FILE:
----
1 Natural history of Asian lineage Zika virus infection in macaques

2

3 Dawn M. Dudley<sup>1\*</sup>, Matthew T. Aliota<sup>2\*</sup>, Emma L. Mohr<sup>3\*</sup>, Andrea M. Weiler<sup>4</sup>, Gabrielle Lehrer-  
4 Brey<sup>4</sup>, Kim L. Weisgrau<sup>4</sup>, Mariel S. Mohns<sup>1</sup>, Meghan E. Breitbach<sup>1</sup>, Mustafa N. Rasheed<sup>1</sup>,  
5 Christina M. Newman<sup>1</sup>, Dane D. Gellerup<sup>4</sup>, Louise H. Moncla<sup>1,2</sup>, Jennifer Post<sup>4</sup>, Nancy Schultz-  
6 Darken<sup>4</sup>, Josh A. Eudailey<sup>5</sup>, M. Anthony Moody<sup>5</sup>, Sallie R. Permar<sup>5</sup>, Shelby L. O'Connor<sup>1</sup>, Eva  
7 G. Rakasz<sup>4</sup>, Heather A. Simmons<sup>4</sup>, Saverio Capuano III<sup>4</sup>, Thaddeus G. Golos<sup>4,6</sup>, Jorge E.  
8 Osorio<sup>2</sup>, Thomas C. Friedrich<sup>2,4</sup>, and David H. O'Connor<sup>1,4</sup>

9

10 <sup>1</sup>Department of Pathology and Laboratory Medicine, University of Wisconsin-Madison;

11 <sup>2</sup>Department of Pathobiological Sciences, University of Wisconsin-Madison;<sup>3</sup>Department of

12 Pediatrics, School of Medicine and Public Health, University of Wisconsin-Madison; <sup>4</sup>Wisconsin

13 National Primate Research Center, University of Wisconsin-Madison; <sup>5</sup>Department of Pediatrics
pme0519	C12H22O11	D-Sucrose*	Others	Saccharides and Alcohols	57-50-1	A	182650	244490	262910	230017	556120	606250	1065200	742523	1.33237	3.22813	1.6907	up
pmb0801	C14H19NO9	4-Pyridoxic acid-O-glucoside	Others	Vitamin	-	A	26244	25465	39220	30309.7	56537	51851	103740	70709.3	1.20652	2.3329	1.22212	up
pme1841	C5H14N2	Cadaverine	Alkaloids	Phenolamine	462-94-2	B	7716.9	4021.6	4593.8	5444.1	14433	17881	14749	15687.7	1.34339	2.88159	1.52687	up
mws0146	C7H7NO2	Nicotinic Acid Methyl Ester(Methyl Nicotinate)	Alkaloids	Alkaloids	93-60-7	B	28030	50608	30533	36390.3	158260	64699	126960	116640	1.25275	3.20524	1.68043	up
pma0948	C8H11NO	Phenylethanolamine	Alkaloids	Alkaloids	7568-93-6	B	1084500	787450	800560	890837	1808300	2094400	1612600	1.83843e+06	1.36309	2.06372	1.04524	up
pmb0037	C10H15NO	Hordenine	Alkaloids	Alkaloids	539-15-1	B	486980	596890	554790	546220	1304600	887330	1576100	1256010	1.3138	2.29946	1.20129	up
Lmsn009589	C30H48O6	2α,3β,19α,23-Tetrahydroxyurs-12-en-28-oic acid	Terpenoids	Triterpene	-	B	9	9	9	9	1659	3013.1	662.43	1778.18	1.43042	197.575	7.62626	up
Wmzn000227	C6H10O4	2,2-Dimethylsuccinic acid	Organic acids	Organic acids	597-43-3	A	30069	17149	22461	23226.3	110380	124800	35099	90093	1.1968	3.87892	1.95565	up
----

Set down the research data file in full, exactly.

1 Natural history of Asian lineage Zika virus infection in macaques

2

3 Dawn M. Dudley<sup>1\*</sup>, Matthew T. Aliota<sup>2\*</sup>, Emma L. Mohr<sup>3\*</sup>, Andrea M. Weiler<sup>4</sup>, Gabrielle Lehrer-  
4 Brey<sup>4</sup>, Kim L. Weisgrau<sup>4</sup>, Mariel S. Mohns<sup>1</sup>, Meghan E. Breitbach<sup>1</sup>, Mustafa N. Rasheed<sup>1</sup>,  
5 Christina M. Newman<sup>1</sup>, Dane D. Gellerup<sup>4</sup>, Louise H. Moncla<sup>1,2</sup>, Jennifer Post<sup>4</sup>, Nancy Schultz-  
6 Darken<sup>4</sup>, Josh A. Eudailey<sup>5</sup>, M. Anthony Moody<sup>5</sup>, Sallie R. Permar<sup>5</sup>, Shelby L. O'Connor<sup>1</sup>, Eva  
7 G. Rakasz<sup>4</sup>, Heather A. Simmons<sup>4</sup>, Saverio Capuano III<sup>4</sup>, Thaddeus G. Golos<sup>4,6</sup>, Jorge E.  
8 Osorio<sup>2</sup>, Thomas C. Friedrich<sup>2,4</sup>, and David H. O'Connor<sup>1,4</sup>

9

10 <sup>1</sup>Department of Pathology and Laboratory Medicine, University of Wisconsin-Madison;

11 <sup>2</sup>Department of Pathobiological Sciences, University of Wisconsin-Madison;<sup>3</sup>Department of

12 Pediatrics, School of Medicine and Public Health, University of Wisconsin-Madison; <sup>4</sup>Wisconsin

13 National Primate Research Center, University of Wisconsin-Madison; <sup>5</sup>Department of Pediatrics
pme0519	C12H22O11	D-Sucrose*	Others	Saccharides and Alcohols	57-50-1	A	182650	244490	262910	230017	556120	606250	1065200	742523	1.33237	3.22813	1.6907	up
pmb0801	C14H19NO9	4-Pyridoxic acid-O-glucoside	Others	Vitamin	-	A	26244	25465	39220	30309.7	56537	51851	103740	70709.3	1.20652	2.3329	1.22212	up
pme1841	C5H14N2	Cadaverine	Alkaloids	Phenolamine	462-94-2	B	7716.9	4021.6	4593.8	5444.1	14433	17881	14749	15687.7	1.34339	2.88159	1.52687	up
mws0146	C7H7NO2	Nicotinic Acid Methyl Ester(Methyl Nicotinate)	Alkaloids	Alkaloids	93-60-7	B	28030	50608	30533	36390.3	158260	64699	126960	116640	1.25275	3.20524	1.68043	up
pma0948	C8H11NO	Phenylethanolamine	Alkaloids	Alkaloids	7568-93-6	B	1084500	787450	800560	890837	1808300	2094400	1612600	1.83843e+06	1.36309	2.06372	1.04524	up
pmb0037	C10H15NO	Hordenine	Alkaloids	Alkaloids	539-15-1	B	486980	596890	554790	546220	1304600	887330	1576100	1256010	1.3138	2.29946	1.20129	up
Lmsn009589	C30H48O6	2α,3β,19α,23-Tetrahydroxyurs-12-en-28-oic acid	Terpenoids	Triterpene	-	B	9	9	9	9	1659	3013.1	662.43	1778.18	1.43042	197.575	7.62626	up
Wmzn000227	C6H10O4	2,2-Dimethylsuccinic acid	Organic acids	Organic acids	597-43-3	A	30069	17149	22461	23226.3	110380	124800	35099	90093	1.1968	3.87892	1.95565	up